In the Partition problem, there is a set of integers, and the goal is to decide whether it can be partitioned into two sets of equal sum. This problem is known to be NP-complete.

Suppose we are given an instance and we know that it admits an equal-sum partition. Can this partition be found in polynomial time (assuming $P\neq NP$)?

Let's call this problem "GuaranteedPartition". On one hand, apparently one can prove that GuaranteedPartition is NP-hard, by reduction from Partition: if we could solve GuaranteedPartition with $n$ numbers in $T(n)$ steps, where $T(n)$ is a polynomial function, then we could give it as input any instance of Partition and stop it after $T(n)$ steps: if it returns an equal-sum partition the answer is "yes", otherwise the answer is "no".

On the other hand, the GuaranteedPartition is apparently in the class TFNP, whose relation to NP is currently not known.

Which of the above arguments (if any) is correct, and what is known about the GuaranteedPartition problem?

  • $\begingroup$ You should probably be clearer about what you mean by NP-hard. Under the definition "NP-hard under Karp reductions" it should be obvious that GuaranteedPartition cannot be NP-hard (as is explained on the wikipedia page you linked). But indeed, if GuaranteedPartition is in P, so is Partition, as you correctly argue. $\endgroup$ – user53923 Jan 4 at 14:18
  • $\begingroup$ The first argument shows that if P≠NP then GuaranteedPartition cannot be solved in polynomial time. $\endgroup$ – Yuval Filmus Jan 4 at 14:39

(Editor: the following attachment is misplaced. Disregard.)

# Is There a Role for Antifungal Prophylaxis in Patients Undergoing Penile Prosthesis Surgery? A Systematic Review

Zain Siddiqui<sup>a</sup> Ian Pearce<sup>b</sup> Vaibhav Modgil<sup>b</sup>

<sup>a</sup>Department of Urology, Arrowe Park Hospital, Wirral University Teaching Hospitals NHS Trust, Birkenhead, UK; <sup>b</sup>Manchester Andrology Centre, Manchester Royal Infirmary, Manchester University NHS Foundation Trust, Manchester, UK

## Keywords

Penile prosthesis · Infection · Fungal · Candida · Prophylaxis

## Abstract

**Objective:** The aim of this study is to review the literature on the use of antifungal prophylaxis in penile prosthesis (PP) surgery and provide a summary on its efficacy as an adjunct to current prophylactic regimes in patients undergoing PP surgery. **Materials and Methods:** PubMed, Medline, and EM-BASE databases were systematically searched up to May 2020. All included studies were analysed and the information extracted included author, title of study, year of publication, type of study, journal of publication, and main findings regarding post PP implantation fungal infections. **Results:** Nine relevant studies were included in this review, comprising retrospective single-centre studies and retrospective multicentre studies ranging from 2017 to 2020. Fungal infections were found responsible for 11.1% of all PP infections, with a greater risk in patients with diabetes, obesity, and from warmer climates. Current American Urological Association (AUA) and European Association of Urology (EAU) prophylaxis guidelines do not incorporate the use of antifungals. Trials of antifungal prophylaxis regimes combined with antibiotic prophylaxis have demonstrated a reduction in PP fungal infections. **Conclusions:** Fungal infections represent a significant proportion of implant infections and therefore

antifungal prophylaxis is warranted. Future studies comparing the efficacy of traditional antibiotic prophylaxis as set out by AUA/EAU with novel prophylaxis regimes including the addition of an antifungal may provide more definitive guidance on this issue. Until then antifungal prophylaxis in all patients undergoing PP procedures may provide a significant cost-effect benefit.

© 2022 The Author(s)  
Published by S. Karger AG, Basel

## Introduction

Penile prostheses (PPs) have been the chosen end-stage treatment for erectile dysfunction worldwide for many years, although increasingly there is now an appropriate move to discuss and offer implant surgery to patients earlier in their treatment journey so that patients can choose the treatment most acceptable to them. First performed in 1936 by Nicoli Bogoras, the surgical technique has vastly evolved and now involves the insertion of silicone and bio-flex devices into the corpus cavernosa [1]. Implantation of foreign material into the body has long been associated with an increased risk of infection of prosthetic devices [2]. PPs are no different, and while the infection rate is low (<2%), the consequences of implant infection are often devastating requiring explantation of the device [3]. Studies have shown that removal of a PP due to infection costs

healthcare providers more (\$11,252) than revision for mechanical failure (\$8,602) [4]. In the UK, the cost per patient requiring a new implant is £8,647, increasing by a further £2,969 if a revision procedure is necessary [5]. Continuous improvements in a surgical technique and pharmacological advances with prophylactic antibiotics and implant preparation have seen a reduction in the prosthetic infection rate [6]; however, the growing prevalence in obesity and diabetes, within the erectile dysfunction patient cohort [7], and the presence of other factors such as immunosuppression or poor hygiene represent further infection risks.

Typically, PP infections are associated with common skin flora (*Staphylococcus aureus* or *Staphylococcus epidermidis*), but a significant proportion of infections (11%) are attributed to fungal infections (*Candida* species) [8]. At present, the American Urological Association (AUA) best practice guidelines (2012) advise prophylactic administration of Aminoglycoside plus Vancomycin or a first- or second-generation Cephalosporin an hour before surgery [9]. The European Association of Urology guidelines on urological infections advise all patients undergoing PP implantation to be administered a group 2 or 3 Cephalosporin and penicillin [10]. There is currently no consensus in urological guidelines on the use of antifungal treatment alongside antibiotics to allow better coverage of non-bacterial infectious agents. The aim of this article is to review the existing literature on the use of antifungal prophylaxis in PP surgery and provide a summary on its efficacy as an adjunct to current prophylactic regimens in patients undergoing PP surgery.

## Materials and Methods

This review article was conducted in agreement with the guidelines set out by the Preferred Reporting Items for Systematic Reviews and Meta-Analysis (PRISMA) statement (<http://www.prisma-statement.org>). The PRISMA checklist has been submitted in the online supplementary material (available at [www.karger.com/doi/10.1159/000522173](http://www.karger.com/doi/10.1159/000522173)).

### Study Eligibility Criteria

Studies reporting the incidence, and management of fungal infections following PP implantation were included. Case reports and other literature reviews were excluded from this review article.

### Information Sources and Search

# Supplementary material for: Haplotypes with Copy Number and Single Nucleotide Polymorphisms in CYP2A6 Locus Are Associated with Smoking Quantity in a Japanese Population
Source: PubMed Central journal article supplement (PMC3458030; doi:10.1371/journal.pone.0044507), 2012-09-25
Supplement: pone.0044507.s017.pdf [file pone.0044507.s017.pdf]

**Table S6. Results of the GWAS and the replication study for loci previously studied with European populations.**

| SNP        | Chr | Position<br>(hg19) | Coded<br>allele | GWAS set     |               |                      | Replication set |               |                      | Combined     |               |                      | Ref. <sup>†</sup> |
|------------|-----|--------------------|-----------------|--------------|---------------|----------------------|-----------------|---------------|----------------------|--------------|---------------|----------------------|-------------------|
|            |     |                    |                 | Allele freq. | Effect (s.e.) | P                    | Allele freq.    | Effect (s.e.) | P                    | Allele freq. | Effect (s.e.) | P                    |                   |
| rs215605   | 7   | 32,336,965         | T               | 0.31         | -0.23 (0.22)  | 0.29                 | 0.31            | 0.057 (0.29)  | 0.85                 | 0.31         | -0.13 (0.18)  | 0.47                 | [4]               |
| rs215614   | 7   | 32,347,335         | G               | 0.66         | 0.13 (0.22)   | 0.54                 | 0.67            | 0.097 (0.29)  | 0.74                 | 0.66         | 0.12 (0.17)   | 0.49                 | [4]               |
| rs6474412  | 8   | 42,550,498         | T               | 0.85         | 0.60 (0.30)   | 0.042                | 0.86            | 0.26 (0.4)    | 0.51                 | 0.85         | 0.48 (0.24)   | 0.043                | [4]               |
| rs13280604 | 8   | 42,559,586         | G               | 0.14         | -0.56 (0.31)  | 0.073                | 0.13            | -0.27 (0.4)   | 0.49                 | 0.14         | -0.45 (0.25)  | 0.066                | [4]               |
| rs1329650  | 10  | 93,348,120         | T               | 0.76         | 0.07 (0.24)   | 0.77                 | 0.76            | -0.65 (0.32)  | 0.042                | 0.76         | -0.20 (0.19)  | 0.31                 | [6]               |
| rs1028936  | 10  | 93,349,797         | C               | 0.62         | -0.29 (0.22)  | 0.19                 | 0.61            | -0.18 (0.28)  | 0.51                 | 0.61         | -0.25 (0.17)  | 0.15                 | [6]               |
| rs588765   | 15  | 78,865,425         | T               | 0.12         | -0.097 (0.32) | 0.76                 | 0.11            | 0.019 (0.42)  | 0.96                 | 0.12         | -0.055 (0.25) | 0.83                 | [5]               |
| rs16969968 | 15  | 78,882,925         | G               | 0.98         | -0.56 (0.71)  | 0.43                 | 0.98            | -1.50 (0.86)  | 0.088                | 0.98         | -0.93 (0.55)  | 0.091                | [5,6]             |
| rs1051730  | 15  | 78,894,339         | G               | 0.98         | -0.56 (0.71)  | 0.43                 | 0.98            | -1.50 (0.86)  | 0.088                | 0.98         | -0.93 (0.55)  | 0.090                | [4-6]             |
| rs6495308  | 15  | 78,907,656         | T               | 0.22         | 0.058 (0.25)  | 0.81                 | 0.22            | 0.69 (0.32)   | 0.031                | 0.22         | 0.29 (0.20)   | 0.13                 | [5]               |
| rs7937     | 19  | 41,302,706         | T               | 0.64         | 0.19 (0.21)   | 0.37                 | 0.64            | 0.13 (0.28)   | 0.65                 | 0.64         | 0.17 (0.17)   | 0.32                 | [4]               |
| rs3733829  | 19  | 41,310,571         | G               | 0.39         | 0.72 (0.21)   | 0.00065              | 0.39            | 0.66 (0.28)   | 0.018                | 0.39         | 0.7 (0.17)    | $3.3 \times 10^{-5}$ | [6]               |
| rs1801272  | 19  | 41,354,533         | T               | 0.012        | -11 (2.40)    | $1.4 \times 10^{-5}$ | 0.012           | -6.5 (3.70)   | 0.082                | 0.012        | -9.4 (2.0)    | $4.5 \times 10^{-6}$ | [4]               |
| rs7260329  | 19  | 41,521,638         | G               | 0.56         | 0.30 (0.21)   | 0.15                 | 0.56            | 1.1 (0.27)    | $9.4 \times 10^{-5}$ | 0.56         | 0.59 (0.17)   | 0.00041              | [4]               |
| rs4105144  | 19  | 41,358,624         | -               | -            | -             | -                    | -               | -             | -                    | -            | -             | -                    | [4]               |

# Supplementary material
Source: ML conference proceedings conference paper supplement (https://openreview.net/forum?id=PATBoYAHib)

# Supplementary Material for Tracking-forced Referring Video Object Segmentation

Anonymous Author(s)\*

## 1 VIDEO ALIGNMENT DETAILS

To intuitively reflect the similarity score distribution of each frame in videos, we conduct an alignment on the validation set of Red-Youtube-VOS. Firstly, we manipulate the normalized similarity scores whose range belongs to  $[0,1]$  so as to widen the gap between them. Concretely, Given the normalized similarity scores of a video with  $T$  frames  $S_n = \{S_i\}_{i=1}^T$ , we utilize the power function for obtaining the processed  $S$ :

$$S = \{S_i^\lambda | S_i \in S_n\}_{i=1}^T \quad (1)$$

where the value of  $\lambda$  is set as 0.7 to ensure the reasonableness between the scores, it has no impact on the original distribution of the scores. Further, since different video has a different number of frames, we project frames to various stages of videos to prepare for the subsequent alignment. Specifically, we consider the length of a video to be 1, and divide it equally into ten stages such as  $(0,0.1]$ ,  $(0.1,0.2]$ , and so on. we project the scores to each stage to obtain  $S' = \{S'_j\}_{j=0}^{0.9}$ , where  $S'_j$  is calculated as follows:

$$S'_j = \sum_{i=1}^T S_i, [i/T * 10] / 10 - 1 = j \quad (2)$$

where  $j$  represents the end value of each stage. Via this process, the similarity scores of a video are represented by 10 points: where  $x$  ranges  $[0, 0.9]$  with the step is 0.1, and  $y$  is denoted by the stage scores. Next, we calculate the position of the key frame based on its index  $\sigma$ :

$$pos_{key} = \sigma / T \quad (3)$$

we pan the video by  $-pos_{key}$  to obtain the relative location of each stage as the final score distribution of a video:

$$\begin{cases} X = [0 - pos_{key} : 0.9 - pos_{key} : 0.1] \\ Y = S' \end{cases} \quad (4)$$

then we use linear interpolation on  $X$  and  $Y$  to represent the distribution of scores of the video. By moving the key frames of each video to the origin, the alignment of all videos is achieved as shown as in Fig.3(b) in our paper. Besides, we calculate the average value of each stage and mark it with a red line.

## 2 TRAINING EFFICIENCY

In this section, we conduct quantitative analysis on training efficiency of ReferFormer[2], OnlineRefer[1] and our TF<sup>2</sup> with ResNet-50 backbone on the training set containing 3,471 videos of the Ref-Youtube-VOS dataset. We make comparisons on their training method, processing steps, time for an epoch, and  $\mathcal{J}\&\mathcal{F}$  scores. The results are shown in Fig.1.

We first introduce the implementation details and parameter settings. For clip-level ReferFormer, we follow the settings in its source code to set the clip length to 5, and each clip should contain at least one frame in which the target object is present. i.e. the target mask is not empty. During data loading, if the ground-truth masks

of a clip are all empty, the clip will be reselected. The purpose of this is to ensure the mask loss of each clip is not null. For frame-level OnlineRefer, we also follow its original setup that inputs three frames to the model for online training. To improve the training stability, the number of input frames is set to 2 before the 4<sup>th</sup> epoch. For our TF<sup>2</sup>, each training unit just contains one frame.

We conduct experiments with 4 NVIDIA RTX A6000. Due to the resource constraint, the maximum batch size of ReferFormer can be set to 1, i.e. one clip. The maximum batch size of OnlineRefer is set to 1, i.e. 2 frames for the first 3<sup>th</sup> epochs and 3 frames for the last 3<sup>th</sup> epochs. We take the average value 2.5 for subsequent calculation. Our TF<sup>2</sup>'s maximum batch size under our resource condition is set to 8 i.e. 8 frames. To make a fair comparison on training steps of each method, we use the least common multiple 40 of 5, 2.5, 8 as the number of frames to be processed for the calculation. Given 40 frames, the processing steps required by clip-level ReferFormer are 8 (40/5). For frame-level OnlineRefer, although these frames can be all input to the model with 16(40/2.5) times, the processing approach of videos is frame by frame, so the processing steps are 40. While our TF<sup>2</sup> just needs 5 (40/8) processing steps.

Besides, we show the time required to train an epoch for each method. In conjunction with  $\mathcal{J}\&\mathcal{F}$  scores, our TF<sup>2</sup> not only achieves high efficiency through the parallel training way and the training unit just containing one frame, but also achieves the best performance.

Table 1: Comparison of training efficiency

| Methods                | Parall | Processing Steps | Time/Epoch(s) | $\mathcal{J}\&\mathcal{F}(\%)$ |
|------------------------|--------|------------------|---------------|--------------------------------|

• $\begingroup$ @YuvalFilmus Suppose we have an algorithm that solves GuaranteedPartition correctly when an equal partition exists, but when an equal partition does not exist, its behavior is undefined (as in the C++ standard en.cppreference.com/w/cpp/language/ub ). Then I am not sure the first argument works. I am also unsure if the concept of "undefined behavior" makes sense at all. This is quite confusing. $\endgroup$ – Erel Segal-Halevi Jan 4 at 19:09
  • $\begingroup$ We don’t care what the algorithm does. If it doesn’t output a valid partition after the allotted time, we know that no such partition exists. $\endgroup$ – Yuval Filmus Jan 4 at 19:11

I think the whole misunderstanding comes from an incorrect definition of TFNP. TFNP is for problems like factoring, where there is always a solution. Every integer has a prime factorization, so you don't have to make any restrictions on what inputs are allowed - i.e., every input string of bits represents a number that has a factorization. This is different from a promise, which is more like what you're describing.

Unlike integers and factorizations, there are sets that do not have equal-sum partitions. And if you change the input format to be some strange representation of sets of integers such that every set represented always has a valid partition, then you change the problem entirely. A program that solves this new problem probably couldn't be used to solve the original NP-hard Partition problem.

(GuaranteedPartition is also not a decision problem, so it's not NP-hard either - although a machine that solved GuaranteedPartition could be used to solve anything in NP, as you point out.)

  • $\begingroup$ This clarifies the issue. Thanks! $\endgroup$ – Erel Segal-Halevi Jan 5 at 17:41

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